What Does the Bible Say About Disagreeing?
Do you have a difficult time disagreeing with others, or are you open to responding to someone who you believe may have an incorrect or dangerous perspective?
What prevents us from disagreeing with others, even when we are deeply convicted of an alternative perspective?
Example: Vaccinations, abortion, pre-marital sex.
Have you ever had a positive experience disagreeing with someone? What was it about? Why would you consider it to be a positive experience?
Is there a Christian way to disagree? If so, what do you think that might be?
Who Is the Greatest?
33 And they came to Capernaum. And when he was in the house he asked them, “What were you discussing on the way?” 34 But they kept silent, for on the way they had argued with one another about who was the greatest. 35 And he sat down and called the twelve. And he said to them, “If anyone would be first, he must be last of all and servant of all.” 36 And he took a child and put him in the midst of them, and taking him in his arms, he said to them, 37 “Whoever receives one such child in my name receives me, and whoever receives me, receives not me but he who sent me”
12 Followers with Different Beliefs
Wealthy, roman sympathizing tax-collector
Passionate, Israelite political rebels and zealots
Poor, unchosen and uneducated fisherman
Read Romans 14:1-21
Accept the one whose faith is weak, without quarreling over disputable matters. 2 One person’s faith allows them to eat anything, but another, whose faith is weak, eats only vegetables. 3 The one who eats everything must not treat with contempt the one who does not, and the one who does not eat everything must not judge the one who does, for God has accepted them. 4 Who are you to judge someone else’s servant? To their own master, servants stand or fall. And they will stand, for the Lord is able to make them stand.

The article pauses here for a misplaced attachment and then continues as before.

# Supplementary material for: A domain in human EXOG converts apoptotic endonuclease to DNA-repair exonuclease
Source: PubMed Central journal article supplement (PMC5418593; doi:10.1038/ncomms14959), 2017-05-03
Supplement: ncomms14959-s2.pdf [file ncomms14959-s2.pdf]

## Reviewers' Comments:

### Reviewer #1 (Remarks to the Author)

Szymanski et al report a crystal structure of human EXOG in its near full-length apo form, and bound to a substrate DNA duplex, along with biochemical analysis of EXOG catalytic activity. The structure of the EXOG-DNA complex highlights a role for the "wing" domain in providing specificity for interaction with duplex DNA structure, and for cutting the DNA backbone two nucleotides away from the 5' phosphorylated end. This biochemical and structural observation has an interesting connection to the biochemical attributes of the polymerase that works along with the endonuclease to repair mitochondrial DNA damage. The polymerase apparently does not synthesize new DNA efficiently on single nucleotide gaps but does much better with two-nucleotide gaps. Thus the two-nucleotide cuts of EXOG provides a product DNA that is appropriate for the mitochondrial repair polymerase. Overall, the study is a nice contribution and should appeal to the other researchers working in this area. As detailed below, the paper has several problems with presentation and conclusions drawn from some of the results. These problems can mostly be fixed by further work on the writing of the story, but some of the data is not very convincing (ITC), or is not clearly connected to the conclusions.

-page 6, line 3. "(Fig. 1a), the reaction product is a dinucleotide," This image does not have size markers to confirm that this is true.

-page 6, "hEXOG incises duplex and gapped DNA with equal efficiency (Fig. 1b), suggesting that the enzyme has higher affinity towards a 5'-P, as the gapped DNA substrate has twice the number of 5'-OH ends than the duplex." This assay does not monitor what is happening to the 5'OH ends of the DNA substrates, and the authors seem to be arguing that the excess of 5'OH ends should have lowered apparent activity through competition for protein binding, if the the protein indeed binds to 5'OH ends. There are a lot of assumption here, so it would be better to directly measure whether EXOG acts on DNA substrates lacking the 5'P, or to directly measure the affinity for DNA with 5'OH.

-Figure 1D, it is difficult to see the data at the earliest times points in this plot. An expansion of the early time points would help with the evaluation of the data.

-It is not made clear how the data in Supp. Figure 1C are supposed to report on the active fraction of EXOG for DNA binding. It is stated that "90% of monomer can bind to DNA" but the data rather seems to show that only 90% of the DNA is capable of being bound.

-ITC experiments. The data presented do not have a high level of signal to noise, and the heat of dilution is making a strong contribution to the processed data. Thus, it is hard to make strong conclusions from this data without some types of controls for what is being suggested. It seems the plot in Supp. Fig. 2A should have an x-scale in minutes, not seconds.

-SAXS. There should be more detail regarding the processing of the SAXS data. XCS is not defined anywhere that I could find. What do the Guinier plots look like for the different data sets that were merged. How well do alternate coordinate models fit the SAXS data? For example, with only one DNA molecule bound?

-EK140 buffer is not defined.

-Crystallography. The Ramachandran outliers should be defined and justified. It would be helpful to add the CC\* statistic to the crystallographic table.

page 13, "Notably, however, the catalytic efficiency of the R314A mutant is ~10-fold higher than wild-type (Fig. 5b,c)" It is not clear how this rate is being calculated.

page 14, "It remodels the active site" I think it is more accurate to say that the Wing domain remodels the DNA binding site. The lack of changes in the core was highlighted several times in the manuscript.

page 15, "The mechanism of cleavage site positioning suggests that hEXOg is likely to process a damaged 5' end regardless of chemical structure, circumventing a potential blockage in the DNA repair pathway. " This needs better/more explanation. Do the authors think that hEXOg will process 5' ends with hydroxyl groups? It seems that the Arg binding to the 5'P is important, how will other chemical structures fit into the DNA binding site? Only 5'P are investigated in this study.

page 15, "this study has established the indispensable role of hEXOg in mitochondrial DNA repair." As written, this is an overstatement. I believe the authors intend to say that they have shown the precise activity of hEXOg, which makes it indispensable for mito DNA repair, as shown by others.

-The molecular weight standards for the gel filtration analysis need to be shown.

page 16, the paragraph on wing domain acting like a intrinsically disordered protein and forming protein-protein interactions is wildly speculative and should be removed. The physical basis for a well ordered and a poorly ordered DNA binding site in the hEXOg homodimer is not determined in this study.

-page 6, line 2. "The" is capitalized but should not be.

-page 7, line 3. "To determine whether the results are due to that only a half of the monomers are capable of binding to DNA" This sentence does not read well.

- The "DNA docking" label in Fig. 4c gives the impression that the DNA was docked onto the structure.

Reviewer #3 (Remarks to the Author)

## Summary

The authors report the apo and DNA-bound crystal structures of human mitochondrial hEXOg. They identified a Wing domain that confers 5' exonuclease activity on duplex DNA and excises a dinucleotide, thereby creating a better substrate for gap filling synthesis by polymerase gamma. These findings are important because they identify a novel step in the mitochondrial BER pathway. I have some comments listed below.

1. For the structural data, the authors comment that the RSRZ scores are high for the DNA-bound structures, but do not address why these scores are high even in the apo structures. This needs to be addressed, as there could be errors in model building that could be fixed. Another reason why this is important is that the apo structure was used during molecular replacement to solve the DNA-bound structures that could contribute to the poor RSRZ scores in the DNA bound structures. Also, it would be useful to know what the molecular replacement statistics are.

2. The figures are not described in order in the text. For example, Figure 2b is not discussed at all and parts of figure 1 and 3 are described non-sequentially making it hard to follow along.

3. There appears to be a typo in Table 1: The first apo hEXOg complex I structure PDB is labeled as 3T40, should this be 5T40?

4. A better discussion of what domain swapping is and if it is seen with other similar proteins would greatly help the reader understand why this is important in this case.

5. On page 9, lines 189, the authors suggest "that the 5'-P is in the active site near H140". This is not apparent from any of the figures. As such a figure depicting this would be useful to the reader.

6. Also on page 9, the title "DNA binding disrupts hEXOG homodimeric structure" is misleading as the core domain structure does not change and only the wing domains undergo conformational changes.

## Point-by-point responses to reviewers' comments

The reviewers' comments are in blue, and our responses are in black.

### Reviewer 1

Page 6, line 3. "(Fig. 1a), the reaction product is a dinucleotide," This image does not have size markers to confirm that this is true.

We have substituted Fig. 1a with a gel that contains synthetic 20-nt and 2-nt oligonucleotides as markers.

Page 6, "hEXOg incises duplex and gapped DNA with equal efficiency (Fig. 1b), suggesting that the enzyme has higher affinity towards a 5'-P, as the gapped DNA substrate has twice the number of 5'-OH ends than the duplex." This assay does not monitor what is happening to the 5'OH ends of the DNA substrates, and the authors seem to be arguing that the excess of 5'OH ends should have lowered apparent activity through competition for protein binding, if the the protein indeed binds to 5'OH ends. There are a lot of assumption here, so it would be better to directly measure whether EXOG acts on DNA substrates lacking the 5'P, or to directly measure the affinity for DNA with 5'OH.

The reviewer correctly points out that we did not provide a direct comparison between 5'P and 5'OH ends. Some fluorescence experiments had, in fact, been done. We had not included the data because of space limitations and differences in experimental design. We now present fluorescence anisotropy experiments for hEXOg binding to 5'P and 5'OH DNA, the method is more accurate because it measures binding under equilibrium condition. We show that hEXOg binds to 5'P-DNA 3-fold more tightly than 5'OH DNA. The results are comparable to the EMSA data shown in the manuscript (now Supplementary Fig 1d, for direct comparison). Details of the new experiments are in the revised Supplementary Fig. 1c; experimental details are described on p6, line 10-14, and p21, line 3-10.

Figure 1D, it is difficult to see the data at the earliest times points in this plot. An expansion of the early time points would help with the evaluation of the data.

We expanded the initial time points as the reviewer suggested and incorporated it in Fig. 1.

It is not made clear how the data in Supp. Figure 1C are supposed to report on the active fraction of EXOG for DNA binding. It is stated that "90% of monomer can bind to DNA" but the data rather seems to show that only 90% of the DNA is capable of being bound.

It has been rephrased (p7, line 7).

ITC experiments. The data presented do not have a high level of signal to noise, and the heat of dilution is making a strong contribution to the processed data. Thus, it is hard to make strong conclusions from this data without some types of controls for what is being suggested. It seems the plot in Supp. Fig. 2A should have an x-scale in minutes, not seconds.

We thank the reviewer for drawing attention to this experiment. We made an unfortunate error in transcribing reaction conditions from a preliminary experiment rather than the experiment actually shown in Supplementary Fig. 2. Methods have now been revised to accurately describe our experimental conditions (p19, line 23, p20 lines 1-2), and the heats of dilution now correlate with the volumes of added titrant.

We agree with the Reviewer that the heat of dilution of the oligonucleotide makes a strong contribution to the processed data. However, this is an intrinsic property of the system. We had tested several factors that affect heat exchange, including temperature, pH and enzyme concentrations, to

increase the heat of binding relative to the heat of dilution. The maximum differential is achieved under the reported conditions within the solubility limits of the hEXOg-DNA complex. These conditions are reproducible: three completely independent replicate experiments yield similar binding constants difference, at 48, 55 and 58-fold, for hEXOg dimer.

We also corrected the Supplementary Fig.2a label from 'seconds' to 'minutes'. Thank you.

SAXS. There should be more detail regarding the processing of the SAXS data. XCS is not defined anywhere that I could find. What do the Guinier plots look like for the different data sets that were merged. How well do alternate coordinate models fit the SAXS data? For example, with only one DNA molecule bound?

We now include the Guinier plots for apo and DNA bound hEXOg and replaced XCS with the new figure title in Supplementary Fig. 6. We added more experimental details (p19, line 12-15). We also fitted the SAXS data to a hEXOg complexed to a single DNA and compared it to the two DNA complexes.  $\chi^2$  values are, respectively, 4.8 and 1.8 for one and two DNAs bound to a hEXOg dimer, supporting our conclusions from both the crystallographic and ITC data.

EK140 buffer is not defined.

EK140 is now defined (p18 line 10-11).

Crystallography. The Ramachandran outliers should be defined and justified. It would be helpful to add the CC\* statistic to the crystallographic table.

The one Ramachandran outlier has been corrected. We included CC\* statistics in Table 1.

5 One person considers one day more sacred than another; another considers every day alike. Each of them should be fully convinced in their own mind. 6 Whoever regards one day as special does so to the Lord. Whoever eats meat does so to the Lord, for they give thanks to God; and whoever abstains does so to the Lord and gives thanks to God. 7 For none of us lives for ourselves alone, and none of us dies for ourselves alone. 8 If we live, we live for the Lord; and if we die, we die for the Lord. So, whether we live or die, we belong to the Lord. 9 For this very reason, Christ died and returned to life so that he might be the Lord of both the dead and the living.
10 You, then, why do you judge your brother or sister[a]? Or why do you treat them with contempt? For we will all stand before God’s judgment seat. 11 It is written:
“‘As surely as I live,’ says the Lord,
‘every knee will bow before me;
every tongue will acknowledge God.’”[b]
12 So then, each of us will give an account of ourselves to God.